Worcester Polytechnic Institute (WPI) researcher Markus Nemitz is the recipient of a $599,815 CAREER Award from the National Science Foundation to develop an innovative architecture for low-cost custom robots capable of traversing challenging terrains by swimming, crawling, climbing, and diving through hostile and confined spaces as part of search-and-rescue operations.
Nemitz, an assistant professor in WPI’s Department of Robotics Engineering, will focus on developing small and flexible 3D-printed robots with integrated fluidic circuits that can be rapidly fabricated for specific disasters.
His five-year project will involve testing these robots in a miniaturized model that will be built at WPI and replicate parts of the Tham Luang cave in Thailand where flooding trapped 12 members of a youth soccer team and their coach in 2018.
Nemitz says: “Disasters often demand unique, specialized responses, such as was required for the Tham Luang cave crisis.
“There lies immense potential in the development of small robots that are quickly fabricated from soft, flexible materials.
“These robots can significantly aid rescue efforts by exploring areas that pose potential hazards to humans or are otherwise inaccessible, including earthquake debris, flooded regions, and even nuclear accident sites.”
Nemitz’s project will involve making advances in soft robotics and printable robotics, fields that use flexible materials and advanced fabrication techniques.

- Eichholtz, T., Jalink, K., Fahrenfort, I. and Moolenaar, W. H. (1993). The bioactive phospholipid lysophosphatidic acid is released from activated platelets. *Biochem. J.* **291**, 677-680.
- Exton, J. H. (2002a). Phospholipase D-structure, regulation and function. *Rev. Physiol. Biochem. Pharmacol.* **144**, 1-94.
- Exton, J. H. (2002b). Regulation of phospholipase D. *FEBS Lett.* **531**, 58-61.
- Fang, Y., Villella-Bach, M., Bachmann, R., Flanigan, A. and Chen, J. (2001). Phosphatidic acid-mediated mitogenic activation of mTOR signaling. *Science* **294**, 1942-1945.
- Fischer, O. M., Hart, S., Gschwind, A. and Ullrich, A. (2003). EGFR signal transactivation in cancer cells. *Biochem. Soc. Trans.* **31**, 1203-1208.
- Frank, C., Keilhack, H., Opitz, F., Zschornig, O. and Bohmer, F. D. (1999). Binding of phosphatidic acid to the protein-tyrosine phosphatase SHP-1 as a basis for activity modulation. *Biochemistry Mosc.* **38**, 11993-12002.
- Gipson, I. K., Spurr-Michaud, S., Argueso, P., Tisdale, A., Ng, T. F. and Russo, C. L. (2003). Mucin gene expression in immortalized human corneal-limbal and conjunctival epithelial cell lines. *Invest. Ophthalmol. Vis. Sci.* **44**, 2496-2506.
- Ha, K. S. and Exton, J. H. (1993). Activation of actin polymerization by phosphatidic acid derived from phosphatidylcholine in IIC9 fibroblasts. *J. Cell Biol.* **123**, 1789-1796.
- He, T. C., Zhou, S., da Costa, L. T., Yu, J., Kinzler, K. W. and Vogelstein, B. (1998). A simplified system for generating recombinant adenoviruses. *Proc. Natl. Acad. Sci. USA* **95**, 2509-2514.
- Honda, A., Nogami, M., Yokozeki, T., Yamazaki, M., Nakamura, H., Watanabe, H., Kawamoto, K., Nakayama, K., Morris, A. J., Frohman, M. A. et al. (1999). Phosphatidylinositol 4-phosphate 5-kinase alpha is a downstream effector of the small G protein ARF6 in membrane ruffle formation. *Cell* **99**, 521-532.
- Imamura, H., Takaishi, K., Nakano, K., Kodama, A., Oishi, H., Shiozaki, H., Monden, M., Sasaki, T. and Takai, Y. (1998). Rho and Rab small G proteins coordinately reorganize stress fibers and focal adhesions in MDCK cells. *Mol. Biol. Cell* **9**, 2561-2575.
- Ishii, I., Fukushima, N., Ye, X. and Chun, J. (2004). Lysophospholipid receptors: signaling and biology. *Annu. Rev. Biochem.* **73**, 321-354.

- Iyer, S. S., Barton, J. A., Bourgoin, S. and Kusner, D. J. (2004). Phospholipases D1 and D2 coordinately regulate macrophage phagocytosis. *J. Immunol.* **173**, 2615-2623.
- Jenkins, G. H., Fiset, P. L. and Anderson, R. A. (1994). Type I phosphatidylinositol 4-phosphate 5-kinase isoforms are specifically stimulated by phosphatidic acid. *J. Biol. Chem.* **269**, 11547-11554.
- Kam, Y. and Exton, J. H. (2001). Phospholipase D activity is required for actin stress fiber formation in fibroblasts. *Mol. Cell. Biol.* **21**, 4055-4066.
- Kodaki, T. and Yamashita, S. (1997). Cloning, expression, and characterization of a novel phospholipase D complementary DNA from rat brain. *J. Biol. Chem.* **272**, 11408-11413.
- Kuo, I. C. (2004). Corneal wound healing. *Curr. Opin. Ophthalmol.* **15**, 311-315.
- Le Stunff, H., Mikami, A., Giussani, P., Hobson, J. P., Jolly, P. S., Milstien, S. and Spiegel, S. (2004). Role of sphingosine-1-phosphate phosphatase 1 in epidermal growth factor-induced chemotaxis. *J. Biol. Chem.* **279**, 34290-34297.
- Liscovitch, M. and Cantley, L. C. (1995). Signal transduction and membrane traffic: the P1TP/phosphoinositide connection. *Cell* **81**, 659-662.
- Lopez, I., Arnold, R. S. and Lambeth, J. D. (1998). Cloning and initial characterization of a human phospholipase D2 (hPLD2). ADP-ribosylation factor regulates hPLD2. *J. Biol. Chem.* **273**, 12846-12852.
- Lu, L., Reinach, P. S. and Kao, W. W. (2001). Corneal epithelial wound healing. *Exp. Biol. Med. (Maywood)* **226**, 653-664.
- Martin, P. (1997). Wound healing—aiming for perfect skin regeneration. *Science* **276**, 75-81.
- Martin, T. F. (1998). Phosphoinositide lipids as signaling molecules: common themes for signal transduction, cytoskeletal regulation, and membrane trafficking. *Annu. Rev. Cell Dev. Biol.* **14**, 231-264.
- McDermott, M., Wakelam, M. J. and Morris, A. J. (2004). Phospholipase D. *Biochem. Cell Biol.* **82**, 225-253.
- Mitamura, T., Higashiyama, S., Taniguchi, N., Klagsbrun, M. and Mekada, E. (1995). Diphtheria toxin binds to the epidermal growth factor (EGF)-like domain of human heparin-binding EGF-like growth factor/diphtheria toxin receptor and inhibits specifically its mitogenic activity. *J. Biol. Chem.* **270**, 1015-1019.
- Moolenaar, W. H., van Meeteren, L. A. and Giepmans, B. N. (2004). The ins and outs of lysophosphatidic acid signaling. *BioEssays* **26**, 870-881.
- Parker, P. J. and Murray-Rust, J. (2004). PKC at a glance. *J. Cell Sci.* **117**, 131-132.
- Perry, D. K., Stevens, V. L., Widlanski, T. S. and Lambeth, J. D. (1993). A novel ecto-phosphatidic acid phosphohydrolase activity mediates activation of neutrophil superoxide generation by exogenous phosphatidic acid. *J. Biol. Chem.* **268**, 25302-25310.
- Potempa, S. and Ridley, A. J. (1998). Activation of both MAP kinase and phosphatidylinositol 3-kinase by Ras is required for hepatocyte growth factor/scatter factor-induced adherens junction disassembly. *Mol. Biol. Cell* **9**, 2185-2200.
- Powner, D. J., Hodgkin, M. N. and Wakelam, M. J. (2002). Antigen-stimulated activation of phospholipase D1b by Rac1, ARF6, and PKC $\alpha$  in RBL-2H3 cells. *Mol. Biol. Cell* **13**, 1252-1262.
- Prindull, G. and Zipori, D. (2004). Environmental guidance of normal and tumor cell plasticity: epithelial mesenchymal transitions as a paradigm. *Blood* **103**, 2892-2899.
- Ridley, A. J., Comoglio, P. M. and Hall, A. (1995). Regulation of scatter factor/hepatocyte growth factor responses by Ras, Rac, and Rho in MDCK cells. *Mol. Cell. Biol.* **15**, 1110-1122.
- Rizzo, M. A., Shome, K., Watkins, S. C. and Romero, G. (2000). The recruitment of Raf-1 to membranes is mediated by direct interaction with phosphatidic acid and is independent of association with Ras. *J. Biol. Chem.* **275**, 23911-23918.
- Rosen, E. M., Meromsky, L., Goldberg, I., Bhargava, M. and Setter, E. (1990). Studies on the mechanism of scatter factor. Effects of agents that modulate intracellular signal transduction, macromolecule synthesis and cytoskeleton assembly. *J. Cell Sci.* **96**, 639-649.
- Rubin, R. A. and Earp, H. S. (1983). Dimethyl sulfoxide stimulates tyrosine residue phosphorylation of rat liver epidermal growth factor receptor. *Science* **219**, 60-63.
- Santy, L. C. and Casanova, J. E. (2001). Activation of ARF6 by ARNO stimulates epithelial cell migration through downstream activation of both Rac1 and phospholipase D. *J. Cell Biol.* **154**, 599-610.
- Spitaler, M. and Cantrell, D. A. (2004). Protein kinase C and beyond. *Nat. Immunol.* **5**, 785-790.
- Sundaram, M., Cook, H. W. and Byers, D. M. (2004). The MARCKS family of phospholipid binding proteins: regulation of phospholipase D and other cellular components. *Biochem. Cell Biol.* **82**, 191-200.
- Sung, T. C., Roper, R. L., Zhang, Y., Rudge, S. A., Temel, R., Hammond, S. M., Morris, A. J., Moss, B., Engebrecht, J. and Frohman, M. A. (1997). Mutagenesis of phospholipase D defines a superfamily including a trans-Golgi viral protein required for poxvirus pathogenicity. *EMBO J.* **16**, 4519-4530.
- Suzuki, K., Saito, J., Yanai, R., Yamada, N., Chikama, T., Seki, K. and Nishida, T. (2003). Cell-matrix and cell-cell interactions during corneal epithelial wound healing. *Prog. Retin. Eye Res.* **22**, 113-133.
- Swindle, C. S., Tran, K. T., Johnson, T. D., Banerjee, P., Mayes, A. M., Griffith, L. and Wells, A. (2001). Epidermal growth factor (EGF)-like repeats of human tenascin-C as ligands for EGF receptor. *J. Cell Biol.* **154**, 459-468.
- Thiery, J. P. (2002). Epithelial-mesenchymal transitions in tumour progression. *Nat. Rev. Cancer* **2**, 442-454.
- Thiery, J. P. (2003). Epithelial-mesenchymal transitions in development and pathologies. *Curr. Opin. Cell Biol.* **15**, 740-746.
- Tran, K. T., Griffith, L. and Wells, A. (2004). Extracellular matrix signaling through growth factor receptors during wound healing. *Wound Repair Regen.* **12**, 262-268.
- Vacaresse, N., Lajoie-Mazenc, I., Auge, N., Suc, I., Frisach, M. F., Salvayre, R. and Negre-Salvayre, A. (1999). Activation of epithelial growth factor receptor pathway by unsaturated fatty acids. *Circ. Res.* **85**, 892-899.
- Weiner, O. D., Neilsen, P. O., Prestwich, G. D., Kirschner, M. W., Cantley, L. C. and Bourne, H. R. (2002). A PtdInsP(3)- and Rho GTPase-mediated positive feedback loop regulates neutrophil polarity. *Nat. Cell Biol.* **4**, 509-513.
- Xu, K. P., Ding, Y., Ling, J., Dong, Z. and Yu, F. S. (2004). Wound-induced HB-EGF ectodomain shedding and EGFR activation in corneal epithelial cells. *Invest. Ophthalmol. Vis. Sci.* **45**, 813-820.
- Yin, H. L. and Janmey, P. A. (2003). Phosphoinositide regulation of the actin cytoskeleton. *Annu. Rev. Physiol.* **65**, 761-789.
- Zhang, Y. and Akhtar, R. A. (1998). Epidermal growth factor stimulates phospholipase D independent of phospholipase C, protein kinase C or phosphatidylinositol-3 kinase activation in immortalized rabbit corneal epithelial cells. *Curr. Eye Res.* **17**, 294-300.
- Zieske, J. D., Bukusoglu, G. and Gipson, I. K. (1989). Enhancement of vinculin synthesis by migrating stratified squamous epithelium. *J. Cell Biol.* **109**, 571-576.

He will develop new principles for robot design and fabrication, specifically focusing on integrating electronic circuits with 3D printed fluidic circuits in the robots.
The fluidic circuits will use pulses of air to store programs, process data, and execute simple tasks that control the robots.
The resilience of fluidic circuits to mechanical damage and electromagnetic interference, combined with traditional electronics, promises to expand the capabilities of the robots significantly.
Design possibilities for these robots are vast, with size variations ranging from as small as a mouse to no bigger than a basketball.
Using commercial 3D printers and elastomeric filaments, Nemitz will ensure the feasibility and efficacy of the robots by evaluating the time taken to design and fabricate them and assessing their performance in reaching designated targets within the lab-based model cave system.
In addition to the technical aspects of the project, Nemitz will develop a hands-on robotics summer camp exclusively for female high school students. This initiative aligns with the plan to launch a new undergraduate course on printable robotics.
The project builds on Nemitz’s research into soft, programmable robots and promises potential applications to additional fields such as space exploration, climate monitoring, and inspection operations in hostile settings.
Nemitz says: “Robots can go to places beyond human reach. Equipped with sensors such as microphones and cameras, these robots will enhance the capabilities of rescuers, especially during natural disasters.
“To ensure a dynamic and rapid response to emergencies, we must continually innovate and develop new technologies. Robotics is at the forefront of this development.”